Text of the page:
Employers are generally pleased to receive well thought out approaches (as recruitment is a very expensive business, if organisations can recruit from a short-list of promising candidates, this works for the them too!). Even organisations who are required to advertise eg public sector, also take note of any promising approaches; while you may not go straight to the job, you have a good chance of 'leapfrogging' to the short-list.
Being able to represent yourself directly to employers is widely practised and considered a necessary professional skill in contemporary work life.
There are two steps involved in approaching employers:
- identifying employers to approach
- making your approach
Identifying employers to approach
Making direct approaches only works if you have a well-developed idea about what you want to do, for whom and why. Your approach needs to be purposeful, making it clear to an employer why you have chosen to approach them, and what you have to offer.
There are a number of ways of identifying organisations to approach. In addition to organisations you have in mind already….
- think about employers with whom you already have a connection eg organisations where you have undertaken work experience or part-time work
- ask people in your network if they know of opportunities or organisations in your interest area
- research to identify organisations eg using online organisation directories (Yellow Pages business directory, lists on Professional Associations sites), industry reports such as produced by IBIS (available via LibGuides), media searches
Organisations can be approached as a 'warm call' or a 'cold call'.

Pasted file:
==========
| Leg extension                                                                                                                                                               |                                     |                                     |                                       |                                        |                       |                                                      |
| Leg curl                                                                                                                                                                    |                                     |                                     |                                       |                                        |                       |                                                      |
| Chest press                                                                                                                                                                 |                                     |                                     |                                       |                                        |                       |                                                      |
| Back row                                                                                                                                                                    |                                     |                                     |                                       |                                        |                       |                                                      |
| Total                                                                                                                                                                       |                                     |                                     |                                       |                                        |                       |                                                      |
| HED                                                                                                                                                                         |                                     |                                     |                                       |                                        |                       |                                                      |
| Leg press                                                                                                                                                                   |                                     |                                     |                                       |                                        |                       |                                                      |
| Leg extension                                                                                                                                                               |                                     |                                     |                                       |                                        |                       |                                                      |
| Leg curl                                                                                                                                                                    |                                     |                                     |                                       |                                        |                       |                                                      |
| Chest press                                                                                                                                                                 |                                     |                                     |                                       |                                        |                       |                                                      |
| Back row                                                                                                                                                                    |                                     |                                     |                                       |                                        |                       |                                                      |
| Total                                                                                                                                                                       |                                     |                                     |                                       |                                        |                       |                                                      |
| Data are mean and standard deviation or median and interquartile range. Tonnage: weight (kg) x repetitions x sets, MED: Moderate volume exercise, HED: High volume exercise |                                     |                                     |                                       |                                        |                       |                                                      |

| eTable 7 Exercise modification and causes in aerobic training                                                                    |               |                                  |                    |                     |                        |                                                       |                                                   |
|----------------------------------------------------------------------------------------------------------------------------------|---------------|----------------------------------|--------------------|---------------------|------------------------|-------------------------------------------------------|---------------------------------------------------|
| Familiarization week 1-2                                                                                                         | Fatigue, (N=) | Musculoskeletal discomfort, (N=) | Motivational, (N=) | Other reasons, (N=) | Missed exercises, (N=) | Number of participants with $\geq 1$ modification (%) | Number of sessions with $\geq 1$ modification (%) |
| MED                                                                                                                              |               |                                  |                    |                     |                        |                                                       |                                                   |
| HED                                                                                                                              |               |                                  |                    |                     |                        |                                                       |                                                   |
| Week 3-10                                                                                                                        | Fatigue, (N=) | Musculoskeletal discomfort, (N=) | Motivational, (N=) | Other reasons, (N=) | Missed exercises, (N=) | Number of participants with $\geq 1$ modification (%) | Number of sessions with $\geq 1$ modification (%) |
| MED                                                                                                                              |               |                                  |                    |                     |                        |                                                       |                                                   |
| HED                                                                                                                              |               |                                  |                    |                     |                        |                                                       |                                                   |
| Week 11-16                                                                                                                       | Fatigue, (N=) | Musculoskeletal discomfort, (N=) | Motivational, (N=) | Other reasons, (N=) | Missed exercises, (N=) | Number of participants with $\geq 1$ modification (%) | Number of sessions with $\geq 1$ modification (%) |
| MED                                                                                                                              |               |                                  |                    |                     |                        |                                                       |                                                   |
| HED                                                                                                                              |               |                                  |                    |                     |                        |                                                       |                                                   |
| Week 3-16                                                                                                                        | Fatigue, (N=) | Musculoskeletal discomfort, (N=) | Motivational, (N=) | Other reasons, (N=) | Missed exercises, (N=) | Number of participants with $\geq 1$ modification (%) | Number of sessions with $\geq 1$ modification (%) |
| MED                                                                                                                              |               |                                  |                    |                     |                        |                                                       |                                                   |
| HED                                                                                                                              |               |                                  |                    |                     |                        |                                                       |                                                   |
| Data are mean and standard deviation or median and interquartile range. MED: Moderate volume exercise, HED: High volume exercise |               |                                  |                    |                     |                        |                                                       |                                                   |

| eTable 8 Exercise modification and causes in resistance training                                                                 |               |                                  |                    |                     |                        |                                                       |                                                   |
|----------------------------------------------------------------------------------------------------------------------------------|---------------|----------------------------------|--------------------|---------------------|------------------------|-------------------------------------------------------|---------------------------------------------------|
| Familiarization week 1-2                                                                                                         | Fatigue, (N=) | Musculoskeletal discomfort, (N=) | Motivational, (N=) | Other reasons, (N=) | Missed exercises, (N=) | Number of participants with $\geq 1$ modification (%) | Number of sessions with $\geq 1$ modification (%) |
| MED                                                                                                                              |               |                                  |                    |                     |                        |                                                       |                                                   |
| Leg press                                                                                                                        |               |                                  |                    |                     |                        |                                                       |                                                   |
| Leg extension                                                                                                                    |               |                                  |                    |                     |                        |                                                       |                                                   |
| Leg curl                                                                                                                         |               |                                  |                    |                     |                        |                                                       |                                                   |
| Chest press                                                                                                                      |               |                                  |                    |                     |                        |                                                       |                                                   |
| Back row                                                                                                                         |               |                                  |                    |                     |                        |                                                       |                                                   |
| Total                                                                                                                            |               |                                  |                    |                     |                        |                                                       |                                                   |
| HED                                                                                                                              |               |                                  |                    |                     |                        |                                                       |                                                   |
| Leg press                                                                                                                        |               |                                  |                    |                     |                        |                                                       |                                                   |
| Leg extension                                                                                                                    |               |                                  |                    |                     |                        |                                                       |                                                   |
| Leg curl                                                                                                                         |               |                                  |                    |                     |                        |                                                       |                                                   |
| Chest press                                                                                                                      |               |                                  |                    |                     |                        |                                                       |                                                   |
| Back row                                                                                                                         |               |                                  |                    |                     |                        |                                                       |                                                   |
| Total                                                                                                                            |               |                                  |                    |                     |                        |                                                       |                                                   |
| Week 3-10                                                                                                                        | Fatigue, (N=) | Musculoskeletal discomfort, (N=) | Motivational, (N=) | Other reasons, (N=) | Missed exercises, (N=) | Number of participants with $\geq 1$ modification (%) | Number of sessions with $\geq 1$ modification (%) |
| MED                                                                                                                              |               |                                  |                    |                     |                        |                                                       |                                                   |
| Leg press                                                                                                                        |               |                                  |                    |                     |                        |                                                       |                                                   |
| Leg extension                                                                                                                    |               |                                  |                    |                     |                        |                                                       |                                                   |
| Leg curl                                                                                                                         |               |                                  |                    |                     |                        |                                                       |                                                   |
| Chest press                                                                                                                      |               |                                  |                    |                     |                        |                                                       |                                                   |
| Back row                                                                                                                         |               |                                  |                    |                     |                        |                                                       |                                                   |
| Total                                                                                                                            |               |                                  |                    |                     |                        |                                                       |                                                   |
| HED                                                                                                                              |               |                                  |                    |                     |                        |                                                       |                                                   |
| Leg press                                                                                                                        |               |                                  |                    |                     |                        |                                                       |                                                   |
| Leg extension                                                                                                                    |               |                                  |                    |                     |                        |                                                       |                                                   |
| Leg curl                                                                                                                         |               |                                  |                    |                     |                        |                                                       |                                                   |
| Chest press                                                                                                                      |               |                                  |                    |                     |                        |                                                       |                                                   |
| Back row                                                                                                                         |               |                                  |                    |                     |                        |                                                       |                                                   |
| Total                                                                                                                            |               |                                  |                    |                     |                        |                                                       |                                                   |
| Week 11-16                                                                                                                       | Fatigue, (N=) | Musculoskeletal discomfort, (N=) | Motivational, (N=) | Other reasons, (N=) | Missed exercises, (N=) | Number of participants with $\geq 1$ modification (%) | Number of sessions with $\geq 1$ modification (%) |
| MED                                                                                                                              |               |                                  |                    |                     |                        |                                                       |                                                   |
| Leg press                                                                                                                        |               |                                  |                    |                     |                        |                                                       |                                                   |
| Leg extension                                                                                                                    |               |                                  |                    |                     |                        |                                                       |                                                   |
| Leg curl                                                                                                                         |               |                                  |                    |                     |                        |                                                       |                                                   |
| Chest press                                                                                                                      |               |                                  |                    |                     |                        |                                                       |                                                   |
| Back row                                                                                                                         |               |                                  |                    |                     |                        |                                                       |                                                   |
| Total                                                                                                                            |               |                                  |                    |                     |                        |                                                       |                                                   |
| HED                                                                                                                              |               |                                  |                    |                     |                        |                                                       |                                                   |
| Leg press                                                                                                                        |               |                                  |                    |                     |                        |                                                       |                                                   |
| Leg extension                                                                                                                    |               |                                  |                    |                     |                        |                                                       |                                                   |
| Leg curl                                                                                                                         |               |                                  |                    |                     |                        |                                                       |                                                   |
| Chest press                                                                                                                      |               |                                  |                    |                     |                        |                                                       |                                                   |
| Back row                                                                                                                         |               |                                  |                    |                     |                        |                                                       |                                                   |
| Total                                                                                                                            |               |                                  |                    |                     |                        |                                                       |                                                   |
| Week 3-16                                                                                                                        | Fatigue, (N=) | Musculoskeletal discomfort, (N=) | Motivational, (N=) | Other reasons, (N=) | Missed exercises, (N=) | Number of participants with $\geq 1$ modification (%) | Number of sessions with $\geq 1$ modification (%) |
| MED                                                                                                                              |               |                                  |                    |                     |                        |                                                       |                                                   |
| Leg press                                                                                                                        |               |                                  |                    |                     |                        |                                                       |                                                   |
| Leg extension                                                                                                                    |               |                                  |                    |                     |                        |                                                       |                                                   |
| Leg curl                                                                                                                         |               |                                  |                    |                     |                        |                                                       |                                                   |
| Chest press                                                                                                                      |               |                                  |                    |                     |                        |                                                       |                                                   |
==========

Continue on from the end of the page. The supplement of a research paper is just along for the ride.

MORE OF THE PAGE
Warm calling means that you can use the name of a contact in approaching someone in the organisation and usually that your contact will have provided a name of someone in the organisation to whom you can direct your enquiry.
Cold calling is perfectly acceptable; however, it can be easier and more fruitful if you can warm call. This relies on having a network and knowing how to make use of that network.
The document below outlines how to identify, build and use your network effectively.
Employers can be approached via phone, email or on occasions, in person. Which of these is appropriate will vary with the type of organisation and your own style.
It is critical to be well prepared – to have a good understanding of the organisation, why you have targeted the organisation, and be able to articulate this clearly, whether in writing or in person.
For organisations of particular interest, aim to meet with the employer to discuss your interest more broadly rather than focusing only on immediate opportunities; this way, you may be remembered for opportunities which come up subsequently.
The document below provides more detail on how to plan your approach and what you will say in a direct approach.
The slides below intoduce you to LinkedIn and how you can use the platform to build your network
Further resources that oultined the benefits of a LinkedIn profile and presence are available at https://university.linkedin.com/linkedin-for-students